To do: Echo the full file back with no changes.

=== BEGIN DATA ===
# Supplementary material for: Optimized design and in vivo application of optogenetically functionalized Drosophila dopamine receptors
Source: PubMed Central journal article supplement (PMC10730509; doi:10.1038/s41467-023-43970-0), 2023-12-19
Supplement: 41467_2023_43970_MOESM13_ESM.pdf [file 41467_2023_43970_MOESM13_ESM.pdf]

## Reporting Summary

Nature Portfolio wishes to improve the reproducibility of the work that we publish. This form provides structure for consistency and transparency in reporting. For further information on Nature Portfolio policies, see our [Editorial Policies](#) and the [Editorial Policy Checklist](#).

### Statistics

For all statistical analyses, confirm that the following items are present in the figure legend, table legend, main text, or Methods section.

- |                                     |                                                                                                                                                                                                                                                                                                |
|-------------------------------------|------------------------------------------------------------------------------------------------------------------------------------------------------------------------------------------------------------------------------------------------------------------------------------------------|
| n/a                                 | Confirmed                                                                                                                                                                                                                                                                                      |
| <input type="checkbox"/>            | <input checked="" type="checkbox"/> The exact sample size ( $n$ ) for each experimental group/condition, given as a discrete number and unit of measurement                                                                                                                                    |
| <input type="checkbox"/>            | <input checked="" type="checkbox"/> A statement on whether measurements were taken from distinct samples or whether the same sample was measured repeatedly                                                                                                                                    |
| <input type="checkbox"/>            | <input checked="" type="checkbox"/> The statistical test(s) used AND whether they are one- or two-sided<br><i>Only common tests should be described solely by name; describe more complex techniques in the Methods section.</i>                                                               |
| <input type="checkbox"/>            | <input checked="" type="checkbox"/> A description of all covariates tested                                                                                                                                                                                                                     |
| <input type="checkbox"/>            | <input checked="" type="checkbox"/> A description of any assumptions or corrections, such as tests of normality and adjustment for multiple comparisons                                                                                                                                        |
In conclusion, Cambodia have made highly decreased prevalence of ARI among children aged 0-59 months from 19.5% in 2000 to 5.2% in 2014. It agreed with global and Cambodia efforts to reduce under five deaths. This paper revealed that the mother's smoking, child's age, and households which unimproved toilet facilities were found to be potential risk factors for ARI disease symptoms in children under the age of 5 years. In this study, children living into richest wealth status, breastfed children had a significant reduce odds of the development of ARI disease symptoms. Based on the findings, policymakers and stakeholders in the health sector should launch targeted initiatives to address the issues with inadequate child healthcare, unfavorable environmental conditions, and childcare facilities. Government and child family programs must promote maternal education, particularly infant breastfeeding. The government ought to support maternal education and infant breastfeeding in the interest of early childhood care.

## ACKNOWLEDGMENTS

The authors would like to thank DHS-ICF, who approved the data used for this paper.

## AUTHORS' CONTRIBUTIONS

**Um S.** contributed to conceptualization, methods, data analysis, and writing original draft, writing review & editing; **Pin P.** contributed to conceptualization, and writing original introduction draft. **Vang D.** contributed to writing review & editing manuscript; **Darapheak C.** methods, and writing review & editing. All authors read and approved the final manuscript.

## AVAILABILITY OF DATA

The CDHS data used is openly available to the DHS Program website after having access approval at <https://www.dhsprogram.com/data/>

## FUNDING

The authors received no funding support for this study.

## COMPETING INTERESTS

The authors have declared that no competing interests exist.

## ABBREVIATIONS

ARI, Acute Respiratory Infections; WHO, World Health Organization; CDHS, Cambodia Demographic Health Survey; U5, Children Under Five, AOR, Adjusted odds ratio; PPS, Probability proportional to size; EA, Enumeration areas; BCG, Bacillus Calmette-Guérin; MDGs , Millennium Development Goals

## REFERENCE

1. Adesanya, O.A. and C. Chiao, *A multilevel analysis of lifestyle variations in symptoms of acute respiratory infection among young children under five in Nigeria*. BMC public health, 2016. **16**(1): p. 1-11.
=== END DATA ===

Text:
# Supplementary material for: Optimized design and in vivo application of optogenetically functionalized Drosophila dopamine receptors
Source: PubMed Central journal article supplement (PMC10730509; doi:10.1038/s41467-023-43970-0), 2023-12-19
Supplement: 41467_2023_43970_MOESM13_ESM.pdf [file 41467_2023_43970_MOESM13_ESM.pdf]

## Reporting Summary

Nature Portfolio wishes to improve the reproducibility of the work that we publish. This form provides structure for consistency and transparency in reporting. For further information on Nature Portfolio policies, see our [Editorial Policies](#) and the [Editorial Policy Checklist](#).

### Statistics

For all statistical analyses, confirm that the following items are present in the figure legend, table legend, main text, or Methods section.

- |                                     |                                                                                                                                                                                                                                                                                                |
|-------------------------------------|------------------------------------------------------------------------------------------------------------------------------------------------------------------------------------------------------------------------------------------------------------------------------------------------|
| n/a                                 | Confirmed                                                                                                                                                                                                                                                                                      |
| <input type="checkbox"/>            | <input checked="" type="checkbox"/> The exact sample size ( $n$ ) for each experimental group/condition, given as a discrete number and unit of measurement                                                                                                                                    |
| <input type="checkbox"/>            | <input checked="" type="checkbox"/> A statement on whether measurements were taken from distinct samples or whether the same sample was measured repeatedly                                                                                                                                    |
| <input type="checkbox"/>            | <input checked="" type="checkbox"/> The statistical test(s) used AND whether they are one- or two-sided<br><i>Only common tests should be described solely by name; describe more complex techniques in the Methods section.</i>                                                               |
| <input type="checkbox"/>            | <input checked="" type="checkbox"/> A description of all covariates tested                                                                                                                                                                                                                     |
| <input type="checkbox"/>            | <input checked="" type="checkbox"/> A description of any assumptions or corrections, such as tests of normality and adjustment for multiple comparisons                                                                                                                                        |
In conclusion, Cambodia have made highly decreased prevalence of ARI among children aged 0-59 months from 19.5% in 2000 to 5.2% in 2014. It agreed with global and Cambodia efforts to reduce under five deaths. This paper revealed that the mother's smoking, child's age, and households which unimproved toilet facilities were found to be potential risk factors for ARI disease symptoms in children under the age of 5 years. In this study, children living into richest wealth status, breastfed children had a significant reduce odds of the development of ARI disease symptoms. Based on the findings, policymakers and stakeholders in the health sector should launch targeted initiatives to address the issues with inadequate child healthcare, unfavorable environmental conditions, and childcare facilities. Government and child family programs must promote maternal education, particularly infant breastfeeding. The government ought to support maternal education and infant breastfeeding in the interest of early childhood care.

## ACKNOWLEDGMENTS

The authors would like to thank DHS-ICF, who approved the data used for this paper.

## AUTHORS' CONTRIBUTIONS

**Um S.** contributed to conceptualization, methods, data analysis, and writing original draft, writing review & editing; **Pin P.** contributed to conceptualization, and writing original introduction draft. **Vang D.** contributed to writing review & editing manuscript; **Darapheak C.** methods, and writing review & editing. All authors read and approved the final manuscript.

## AVAILABILITY OF DATA

The CDHS data used is openly available to the DHS Program website after having access approval at <https://www.dhsprogram.com/data/>

## FUNDING

The authors received no funding support for this study.

## COMPETING INTERESTS

The authors have declared that no competing interests exist.

## ABBREVIATIONS

ARI, Acute Respiratory Infections; WHO, World Health Organization; CDHS, Cambodia Demographic Health Survey; U5, Children Under Five, AOR, Adjusted odds ratio; PPS, Probability proportional to size; EA, Enumeration areas; BCG, Bacillus Calmette-Guérin; MDGs , Millennium Development Goals

## REFERENCE

1. Adesanya, O.A. and C. Chiao, *A multilevel analysis of lifestyle variations in symptoms of acute respiratory infection among young children under five in Nigeria*. BMC public health, 2016. **16**(1): p. 1-11.